If this were me, I would take those factors into consideration and then have an answer to the one core question: Do I want to find a way to keep Hygienist X on the team understanding it that it will take more active management in order not to cause any unwanted distress with Hygienist A and Hygienist B and also may cause me to manage a new Hygienist C to fill in the needed care gap?
If yes, then I would seek to make it happen while both recognizing and addressing the concerns of the other team members. I would do this with the following steps:
- I would draft an employment agreement with Hygienist X that states she has requested a reduction in her work hours and understands that I may need to fill in the relinquished time with another hygiene team member. Hygienist X would further sign and agree the understanding that she has no entitlement or expectation to have any additional hours other than the one day per week as requested.
- I would have Hygienist X sign that she understands that she will no longer receive any benefits that are for full-time employees, such as vacation hours, paid holiday, medical insurance, CE hours, uniform allowance, etc. to the extent that it is already outlined the office manual.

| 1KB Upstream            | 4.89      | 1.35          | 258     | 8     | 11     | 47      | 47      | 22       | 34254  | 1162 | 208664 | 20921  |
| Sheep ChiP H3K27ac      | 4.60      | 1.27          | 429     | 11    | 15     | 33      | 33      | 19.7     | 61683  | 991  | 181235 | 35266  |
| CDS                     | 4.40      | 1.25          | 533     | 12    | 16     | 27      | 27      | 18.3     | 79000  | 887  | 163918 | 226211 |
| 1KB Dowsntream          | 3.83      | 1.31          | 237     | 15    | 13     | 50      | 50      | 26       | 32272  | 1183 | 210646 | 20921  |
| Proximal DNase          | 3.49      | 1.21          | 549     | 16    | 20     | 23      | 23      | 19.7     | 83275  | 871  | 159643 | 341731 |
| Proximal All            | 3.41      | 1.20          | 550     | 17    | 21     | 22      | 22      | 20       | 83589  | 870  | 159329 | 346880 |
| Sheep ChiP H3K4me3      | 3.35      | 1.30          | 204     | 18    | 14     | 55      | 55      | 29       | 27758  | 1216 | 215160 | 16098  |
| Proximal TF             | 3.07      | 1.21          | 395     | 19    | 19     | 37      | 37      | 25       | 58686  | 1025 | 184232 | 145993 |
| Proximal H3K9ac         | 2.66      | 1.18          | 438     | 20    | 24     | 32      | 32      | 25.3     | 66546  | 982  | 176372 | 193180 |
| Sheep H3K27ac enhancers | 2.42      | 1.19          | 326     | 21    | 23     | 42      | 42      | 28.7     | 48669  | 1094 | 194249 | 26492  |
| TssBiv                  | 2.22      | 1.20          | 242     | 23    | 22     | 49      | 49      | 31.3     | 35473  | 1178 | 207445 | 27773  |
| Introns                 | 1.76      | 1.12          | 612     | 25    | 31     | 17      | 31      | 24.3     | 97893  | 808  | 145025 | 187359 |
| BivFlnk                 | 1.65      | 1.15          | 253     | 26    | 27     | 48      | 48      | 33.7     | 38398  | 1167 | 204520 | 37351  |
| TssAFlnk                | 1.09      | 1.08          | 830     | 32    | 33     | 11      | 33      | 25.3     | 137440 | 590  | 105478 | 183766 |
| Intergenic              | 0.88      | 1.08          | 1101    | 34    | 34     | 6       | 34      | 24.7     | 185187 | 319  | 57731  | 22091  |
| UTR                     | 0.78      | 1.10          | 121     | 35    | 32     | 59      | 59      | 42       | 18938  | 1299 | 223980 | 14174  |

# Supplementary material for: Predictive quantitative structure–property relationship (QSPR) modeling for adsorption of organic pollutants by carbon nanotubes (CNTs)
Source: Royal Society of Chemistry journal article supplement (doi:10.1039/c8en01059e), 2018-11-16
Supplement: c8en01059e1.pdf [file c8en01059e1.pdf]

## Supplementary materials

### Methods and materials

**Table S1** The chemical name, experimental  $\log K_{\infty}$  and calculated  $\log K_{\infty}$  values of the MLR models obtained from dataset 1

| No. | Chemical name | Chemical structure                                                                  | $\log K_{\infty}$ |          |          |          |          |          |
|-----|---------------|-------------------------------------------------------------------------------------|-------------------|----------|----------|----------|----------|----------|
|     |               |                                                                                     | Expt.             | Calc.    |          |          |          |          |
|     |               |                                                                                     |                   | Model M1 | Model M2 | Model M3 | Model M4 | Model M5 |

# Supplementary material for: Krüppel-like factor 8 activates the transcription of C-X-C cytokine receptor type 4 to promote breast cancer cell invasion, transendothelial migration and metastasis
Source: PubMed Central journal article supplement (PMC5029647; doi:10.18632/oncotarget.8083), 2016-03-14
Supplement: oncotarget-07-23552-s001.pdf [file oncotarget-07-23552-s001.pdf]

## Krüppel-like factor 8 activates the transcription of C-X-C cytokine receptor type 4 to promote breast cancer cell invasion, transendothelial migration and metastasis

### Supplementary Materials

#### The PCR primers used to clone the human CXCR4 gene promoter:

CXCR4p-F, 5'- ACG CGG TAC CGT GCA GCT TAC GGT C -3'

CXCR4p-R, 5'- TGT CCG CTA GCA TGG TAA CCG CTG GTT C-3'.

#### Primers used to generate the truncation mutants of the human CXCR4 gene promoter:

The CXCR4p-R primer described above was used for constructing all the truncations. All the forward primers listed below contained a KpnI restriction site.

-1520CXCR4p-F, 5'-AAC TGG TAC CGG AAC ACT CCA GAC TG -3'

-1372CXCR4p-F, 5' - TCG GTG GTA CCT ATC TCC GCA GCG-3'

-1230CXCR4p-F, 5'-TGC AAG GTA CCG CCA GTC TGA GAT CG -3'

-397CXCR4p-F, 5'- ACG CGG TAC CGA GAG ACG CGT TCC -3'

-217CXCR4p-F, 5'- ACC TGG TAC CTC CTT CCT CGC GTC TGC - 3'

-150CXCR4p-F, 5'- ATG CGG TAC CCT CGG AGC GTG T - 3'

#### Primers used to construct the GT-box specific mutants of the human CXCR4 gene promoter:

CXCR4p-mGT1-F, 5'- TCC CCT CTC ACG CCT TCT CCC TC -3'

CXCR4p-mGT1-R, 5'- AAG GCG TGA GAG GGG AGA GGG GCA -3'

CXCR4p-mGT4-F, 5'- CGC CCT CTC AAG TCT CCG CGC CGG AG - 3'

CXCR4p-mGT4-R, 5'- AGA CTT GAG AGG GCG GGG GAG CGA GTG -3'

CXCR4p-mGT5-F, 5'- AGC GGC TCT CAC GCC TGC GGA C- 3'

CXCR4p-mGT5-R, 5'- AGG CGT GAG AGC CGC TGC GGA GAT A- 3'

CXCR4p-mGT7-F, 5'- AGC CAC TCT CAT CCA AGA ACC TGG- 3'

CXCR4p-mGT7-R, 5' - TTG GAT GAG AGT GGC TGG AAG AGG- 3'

- I would have a conversation with Hygienist A and Hygienist B, once Hygienist X signs the document, and let them know my appreciation for them picking up the slack, that Hygienist X is now part-time and I will be looking to fill in the need with a new team member. I would ask them for suggestions to allow them to be engaged in the process and have some ownership of the new team member.
Caveat – Many quality hygienists want FT and benefits, so after a few weeks trial period, it may become necessary to let Hygienist X go and make Hygienist C full time if you want Hygienist C as part of your team. You have to be ready to make this decision prior to the start of this process.
If no, I would seek to make it happen in such a way as to diminish any unemployment claims to my account. It sounds kind of mean to forge a path like this but as a business owner, I need to look out for my practice and the rest of my team’s best interests. Those do not align with Hygienist X’s interests at this time. I would seek to achieve this by: